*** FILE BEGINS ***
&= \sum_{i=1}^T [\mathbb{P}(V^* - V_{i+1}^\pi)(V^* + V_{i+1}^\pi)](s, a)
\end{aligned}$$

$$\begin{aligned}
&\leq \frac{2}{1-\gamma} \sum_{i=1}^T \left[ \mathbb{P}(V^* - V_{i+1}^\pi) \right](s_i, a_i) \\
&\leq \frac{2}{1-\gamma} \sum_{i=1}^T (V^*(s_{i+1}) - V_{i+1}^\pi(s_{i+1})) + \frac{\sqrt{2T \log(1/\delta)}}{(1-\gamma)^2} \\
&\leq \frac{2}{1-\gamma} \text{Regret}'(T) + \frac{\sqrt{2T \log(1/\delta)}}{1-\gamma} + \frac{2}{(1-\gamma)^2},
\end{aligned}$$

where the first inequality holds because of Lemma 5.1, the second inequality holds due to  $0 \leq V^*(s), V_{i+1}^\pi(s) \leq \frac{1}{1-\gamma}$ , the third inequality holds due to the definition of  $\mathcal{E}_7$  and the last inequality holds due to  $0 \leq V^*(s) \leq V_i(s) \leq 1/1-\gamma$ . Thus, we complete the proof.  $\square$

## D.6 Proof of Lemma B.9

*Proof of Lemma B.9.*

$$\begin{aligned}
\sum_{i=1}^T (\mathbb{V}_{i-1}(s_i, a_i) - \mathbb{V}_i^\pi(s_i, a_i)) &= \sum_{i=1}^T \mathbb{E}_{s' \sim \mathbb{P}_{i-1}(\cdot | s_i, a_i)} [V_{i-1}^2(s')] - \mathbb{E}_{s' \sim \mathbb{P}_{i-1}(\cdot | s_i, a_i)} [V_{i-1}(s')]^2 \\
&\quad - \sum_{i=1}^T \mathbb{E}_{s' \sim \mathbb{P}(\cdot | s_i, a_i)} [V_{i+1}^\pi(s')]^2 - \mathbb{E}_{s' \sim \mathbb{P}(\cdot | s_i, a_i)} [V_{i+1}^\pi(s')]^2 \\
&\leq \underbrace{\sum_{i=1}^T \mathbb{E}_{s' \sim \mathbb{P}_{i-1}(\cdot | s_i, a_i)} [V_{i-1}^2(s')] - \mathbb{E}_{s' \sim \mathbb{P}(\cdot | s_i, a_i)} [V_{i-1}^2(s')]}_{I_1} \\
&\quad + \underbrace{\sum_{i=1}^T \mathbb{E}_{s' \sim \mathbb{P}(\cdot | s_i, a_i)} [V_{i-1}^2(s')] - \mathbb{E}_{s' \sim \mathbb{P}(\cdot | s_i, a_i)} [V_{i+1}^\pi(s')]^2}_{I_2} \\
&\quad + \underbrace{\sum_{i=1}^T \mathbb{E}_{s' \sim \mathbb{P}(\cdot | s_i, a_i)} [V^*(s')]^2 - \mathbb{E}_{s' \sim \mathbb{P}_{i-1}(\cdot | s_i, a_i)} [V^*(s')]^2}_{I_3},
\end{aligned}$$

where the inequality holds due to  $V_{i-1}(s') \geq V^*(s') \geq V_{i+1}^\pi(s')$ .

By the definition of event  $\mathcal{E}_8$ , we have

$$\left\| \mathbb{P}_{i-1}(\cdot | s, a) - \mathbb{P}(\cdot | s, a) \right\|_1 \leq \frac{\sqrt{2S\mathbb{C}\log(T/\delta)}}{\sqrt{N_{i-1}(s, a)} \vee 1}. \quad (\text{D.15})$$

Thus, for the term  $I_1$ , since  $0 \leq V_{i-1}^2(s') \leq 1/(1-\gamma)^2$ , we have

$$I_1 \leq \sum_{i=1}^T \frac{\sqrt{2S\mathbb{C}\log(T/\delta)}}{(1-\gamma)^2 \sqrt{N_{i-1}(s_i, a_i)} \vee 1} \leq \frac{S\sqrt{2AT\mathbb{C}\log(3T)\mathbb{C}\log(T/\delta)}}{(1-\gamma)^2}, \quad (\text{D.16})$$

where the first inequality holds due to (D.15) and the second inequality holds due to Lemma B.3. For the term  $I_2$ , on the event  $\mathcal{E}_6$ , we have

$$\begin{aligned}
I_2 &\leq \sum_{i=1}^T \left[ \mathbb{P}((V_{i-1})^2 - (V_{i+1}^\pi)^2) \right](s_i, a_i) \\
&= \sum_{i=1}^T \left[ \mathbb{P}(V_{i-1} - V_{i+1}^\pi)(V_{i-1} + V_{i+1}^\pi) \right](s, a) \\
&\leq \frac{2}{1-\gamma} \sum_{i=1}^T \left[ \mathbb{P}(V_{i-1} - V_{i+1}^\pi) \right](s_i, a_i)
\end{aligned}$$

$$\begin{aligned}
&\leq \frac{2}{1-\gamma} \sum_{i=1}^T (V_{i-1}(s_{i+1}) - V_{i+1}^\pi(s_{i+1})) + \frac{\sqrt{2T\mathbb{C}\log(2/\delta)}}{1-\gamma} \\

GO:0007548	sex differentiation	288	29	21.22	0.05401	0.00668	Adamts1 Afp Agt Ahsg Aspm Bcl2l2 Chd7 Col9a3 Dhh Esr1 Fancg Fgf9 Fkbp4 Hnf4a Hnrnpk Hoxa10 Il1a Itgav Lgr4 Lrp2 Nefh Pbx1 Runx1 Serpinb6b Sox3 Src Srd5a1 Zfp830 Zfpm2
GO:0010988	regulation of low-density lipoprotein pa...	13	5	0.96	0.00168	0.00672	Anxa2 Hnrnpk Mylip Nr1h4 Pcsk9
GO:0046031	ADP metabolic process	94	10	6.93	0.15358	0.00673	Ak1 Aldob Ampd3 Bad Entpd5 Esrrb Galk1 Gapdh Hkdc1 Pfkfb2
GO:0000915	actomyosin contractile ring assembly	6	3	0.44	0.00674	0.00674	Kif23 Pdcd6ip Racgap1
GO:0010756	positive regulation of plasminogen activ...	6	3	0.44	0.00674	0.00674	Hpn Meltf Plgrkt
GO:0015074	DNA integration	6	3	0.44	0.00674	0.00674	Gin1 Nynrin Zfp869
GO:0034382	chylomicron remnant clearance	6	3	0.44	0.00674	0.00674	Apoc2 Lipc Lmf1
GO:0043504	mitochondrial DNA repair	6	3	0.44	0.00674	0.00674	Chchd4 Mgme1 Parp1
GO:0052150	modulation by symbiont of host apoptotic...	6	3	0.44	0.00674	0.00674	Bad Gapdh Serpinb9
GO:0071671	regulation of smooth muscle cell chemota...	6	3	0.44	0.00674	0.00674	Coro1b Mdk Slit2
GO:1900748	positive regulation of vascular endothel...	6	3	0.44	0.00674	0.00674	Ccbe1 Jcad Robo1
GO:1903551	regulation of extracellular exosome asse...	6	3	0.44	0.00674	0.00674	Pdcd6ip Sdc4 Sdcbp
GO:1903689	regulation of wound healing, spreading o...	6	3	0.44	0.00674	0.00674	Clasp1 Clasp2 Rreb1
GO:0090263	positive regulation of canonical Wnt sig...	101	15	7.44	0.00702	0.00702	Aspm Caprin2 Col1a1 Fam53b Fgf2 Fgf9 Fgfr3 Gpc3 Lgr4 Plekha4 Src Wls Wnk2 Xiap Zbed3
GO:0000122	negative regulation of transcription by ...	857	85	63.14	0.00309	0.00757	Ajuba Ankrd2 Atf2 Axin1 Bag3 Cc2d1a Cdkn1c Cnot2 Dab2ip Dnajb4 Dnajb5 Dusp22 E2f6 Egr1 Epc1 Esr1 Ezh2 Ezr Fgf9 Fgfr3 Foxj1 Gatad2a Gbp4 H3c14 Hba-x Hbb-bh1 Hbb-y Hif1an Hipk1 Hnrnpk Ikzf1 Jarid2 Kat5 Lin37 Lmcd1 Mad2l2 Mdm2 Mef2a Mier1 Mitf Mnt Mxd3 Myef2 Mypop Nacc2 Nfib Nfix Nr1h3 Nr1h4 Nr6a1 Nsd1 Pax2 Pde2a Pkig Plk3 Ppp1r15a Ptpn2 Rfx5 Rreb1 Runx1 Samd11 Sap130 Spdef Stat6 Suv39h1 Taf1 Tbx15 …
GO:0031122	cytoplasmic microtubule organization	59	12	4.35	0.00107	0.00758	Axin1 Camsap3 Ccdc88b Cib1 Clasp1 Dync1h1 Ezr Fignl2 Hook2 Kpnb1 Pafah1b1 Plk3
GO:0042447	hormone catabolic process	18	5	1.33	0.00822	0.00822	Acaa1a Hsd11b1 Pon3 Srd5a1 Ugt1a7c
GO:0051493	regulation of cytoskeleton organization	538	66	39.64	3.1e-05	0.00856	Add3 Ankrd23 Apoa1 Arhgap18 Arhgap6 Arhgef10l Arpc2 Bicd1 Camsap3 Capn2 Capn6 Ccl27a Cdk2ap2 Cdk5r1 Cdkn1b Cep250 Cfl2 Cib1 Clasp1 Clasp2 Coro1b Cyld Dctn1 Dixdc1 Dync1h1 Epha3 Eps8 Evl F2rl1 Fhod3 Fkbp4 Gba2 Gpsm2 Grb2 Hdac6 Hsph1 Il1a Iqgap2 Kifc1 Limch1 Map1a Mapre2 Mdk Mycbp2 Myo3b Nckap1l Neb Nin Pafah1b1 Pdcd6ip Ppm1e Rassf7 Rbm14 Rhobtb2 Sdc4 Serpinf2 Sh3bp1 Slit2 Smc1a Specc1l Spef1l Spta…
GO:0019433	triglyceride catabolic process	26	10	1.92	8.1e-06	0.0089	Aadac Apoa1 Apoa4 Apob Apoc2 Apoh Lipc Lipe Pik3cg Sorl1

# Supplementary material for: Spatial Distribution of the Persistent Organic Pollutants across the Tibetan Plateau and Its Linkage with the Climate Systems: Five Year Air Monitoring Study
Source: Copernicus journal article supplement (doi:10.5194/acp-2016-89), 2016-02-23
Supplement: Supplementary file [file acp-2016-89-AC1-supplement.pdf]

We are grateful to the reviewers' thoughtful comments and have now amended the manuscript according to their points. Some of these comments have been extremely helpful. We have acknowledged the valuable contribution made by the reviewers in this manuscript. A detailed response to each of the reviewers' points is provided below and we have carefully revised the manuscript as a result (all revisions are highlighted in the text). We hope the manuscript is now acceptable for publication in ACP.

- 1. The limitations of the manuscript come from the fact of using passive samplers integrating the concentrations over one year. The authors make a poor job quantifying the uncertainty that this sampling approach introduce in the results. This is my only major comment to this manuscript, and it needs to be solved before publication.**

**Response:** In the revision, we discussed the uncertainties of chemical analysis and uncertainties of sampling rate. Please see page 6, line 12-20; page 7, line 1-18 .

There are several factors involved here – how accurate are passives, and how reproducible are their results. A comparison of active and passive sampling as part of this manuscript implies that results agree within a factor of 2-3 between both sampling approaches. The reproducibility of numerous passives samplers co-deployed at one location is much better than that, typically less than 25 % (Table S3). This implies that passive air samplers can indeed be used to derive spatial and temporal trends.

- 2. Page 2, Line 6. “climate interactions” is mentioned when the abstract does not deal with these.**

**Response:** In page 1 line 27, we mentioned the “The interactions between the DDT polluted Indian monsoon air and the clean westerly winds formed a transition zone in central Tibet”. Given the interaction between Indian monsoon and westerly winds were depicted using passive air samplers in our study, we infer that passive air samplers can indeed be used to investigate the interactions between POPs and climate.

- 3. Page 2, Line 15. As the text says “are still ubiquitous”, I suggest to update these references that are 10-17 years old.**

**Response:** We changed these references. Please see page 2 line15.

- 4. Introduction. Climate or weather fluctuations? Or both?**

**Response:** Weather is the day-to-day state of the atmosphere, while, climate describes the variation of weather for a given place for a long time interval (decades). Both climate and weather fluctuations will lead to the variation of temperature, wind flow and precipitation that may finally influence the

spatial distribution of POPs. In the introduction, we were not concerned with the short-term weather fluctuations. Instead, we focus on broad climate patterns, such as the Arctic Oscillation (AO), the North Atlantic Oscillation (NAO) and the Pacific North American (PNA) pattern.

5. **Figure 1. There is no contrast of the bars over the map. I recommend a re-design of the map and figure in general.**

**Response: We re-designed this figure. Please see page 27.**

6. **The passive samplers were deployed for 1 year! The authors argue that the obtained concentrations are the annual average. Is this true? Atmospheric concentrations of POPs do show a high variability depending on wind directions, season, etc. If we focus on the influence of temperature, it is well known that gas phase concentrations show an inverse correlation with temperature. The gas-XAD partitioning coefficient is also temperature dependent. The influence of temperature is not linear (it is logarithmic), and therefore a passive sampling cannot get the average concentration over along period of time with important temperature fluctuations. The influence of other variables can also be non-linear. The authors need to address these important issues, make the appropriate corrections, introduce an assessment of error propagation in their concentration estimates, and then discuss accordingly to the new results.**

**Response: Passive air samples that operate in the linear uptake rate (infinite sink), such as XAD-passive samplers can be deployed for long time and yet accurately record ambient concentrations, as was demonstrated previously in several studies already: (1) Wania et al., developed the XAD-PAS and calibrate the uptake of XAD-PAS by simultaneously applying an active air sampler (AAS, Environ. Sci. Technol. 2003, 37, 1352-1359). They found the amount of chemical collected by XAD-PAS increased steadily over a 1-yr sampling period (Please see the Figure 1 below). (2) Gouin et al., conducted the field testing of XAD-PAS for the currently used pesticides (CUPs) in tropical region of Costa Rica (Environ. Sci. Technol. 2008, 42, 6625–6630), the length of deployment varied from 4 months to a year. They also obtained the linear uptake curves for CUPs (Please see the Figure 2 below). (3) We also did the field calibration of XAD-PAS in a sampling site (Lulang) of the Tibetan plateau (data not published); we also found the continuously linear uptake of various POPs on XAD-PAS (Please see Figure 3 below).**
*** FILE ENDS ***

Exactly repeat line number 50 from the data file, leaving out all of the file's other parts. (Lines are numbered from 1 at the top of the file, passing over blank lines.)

# Supplementary material for: Spatial Distribution of the Persistent Organic Pollutants across the Tibetan Plateau and Its Linkage with the Climate Systems: Five Year Air Monitoring Study